Changes include a much softer exterior look — the ‘Keen Look’ design language also used in the far less utilitarian Corolla range — allowing it the sort of cutesy appearance which utterly belies its naturally hairy-chested demeanour.

The interior — of the double cab version we tried — will also be unrecognisable to any of the people who bought earlier models. You’ve now got stuff like soft touch plastics, an infotainment system incorporating a 7” touchscreen and a raft of other kit which might be more readily seen in a family SUV rather than in something traditionally considered to be a commercial workhorse, even if the back seats are still something Donald Trump would only allow Mexicans travel in — if he allowed Mexicans to travel, that is.

On the road, you will have to cope with what might be termed bouncy castle ride characteristics when the pick-up end of the vehicle is without the concrete blocks, mobile milking parlours or whatever else might normally be thrown in back there.

When loaded, though, it will be comfortably at ease on pretty much any surface.

Workmanlike as it should be it nevertheless demonstrates a sophistication generally lacking in the genre. There is a level of driver and passenger friendliness that would previously only be considered to be fit for a wuss.

And that’s not all that has been upgraded. There is a new 2.4 litre turbodiesel engine with 150bhp on tap; more importantly, given the pulling and dragging it will be required to do, there is a massive 400 Nm of torque (a 16.5% increase) at a lower engine speeds (1,600 to 2,000 rpm) and that figure will set enthusiasts on edge when they contemplate the driving-off-a-cliff shtick.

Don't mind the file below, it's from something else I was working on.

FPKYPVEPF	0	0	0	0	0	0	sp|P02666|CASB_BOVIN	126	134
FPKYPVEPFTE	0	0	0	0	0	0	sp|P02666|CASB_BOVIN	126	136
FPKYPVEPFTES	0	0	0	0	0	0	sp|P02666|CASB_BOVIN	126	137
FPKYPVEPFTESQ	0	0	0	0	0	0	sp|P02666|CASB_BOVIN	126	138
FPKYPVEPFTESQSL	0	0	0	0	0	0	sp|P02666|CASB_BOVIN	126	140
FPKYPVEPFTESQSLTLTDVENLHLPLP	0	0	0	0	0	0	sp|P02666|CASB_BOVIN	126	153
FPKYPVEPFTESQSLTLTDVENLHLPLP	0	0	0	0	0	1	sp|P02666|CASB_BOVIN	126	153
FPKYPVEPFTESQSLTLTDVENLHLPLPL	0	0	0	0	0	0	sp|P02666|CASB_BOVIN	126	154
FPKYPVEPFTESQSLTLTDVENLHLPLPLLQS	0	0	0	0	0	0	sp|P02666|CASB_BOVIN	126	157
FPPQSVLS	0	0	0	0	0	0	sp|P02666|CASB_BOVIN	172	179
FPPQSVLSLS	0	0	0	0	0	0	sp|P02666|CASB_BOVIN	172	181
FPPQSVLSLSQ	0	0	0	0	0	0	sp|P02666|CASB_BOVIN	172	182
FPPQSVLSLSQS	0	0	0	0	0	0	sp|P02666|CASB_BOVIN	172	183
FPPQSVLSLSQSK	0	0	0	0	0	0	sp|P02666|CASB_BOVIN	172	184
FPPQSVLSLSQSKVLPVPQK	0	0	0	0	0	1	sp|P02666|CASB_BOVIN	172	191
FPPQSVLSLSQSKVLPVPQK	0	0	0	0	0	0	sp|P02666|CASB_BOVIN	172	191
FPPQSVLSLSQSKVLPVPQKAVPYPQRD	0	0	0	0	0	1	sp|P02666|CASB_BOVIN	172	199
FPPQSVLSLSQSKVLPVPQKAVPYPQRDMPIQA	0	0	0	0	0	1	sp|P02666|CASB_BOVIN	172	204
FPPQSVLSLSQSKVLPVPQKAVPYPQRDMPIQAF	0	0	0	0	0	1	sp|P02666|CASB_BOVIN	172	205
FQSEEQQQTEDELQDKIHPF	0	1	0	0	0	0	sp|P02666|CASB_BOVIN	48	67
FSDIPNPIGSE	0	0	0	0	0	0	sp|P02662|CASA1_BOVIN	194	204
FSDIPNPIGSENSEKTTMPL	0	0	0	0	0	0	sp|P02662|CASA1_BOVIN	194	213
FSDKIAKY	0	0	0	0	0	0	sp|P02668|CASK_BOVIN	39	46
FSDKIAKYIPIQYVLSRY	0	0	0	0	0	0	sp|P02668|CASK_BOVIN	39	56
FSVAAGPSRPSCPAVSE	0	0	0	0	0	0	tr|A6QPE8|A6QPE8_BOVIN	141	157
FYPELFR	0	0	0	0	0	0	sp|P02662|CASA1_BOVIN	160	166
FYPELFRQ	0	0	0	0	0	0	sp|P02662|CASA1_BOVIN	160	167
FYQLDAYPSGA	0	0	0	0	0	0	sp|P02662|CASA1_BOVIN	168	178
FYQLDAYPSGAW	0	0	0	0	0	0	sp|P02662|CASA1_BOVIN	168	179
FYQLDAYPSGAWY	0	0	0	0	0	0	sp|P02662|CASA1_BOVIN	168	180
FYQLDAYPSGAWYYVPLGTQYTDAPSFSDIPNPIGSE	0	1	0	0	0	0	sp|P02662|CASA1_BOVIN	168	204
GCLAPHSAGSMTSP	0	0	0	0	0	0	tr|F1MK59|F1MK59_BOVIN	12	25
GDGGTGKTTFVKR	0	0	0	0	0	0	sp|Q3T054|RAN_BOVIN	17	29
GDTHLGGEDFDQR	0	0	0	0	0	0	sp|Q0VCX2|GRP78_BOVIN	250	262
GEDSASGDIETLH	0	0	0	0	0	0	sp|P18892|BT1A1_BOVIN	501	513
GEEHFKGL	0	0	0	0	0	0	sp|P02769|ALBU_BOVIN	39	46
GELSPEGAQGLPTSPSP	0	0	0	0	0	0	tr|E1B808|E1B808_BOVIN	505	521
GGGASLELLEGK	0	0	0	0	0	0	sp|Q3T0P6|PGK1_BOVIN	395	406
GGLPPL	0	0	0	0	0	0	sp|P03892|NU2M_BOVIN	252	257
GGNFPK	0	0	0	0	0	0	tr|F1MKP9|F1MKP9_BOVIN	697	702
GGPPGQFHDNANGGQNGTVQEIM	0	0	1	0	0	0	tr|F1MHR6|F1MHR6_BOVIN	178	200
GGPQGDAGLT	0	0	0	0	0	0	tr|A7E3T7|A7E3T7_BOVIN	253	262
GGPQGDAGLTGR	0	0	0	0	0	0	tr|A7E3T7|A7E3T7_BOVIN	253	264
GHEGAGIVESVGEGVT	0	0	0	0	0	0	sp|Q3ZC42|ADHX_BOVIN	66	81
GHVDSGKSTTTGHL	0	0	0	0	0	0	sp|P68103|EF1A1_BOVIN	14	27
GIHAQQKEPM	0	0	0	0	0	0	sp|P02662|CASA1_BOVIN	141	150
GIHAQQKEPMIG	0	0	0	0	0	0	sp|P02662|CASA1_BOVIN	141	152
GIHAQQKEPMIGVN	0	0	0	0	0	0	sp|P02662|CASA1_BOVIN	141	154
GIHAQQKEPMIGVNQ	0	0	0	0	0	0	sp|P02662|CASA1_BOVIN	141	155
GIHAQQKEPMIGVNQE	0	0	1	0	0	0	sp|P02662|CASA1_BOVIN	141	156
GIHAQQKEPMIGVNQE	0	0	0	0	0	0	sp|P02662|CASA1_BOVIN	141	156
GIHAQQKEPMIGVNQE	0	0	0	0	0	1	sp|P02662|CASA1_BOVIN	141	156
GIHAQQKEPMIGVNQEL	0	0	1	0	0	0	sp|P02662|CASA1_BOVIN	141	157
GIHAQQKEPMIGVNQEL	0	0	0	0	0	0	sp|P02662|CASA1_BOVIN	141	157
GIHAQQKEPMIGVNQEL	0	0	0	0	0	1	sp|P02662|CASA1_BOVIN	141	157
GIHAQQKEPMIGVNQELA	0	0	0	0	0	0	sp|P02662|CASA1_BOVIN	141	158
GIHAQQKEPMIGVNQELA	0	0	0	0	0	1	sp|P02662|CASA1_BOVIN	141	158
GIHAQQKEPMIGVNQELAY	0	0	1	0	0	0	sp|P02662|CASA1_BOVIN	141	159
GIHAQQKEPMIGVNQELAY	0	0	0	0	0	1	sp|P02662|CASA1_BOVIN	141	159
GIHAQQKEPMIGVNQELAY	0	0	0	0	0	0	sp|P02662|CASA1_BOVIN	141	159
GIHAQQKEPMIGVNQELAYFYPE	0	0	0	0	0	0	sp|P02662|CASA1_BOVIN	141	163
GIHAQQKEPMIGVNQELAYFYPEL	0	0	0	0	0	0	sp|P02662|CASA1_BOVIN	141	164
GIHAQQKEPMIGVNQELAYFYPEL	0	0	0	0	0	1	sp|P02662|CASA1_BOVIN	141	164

The actual performance figures — 0-100 kph in 12.5 seconds and a 170km/h top speed — will never reach Bonneville proportions, but that’s not the point with the HiLux.

It is what it is able to do a low speed that stands it out from the pack. Indeed there is so much torque on offer that even in normal conditions, you can spin the wheels in second gear and get a bit of sideways action — in the city! — without trying too hard.

The bottom line in all of this, however, is that the HiLux is something which you will buy now, keep for a hundred years, and treat it to the most horrendous abuse imaginable.

It will serve you well by always starting on the first turn of the key while, by virtue of its reliability, also treating your wallet with the sort of reverence that it never normally gets from a motor car.

A fine and admirable beast then, just like it always was. But a bit more comfortable.

Colley’s Verdict

The Cost:

From €29,250 (single cab), €39,890 as tested in double cab SR5 specification.

The Engine:

A new and improved 2.4 turbodiesel with much improved torque figures.

The Specification:

Comfort comes to the pick-up.

The Overall Verdict:

As good as it gets.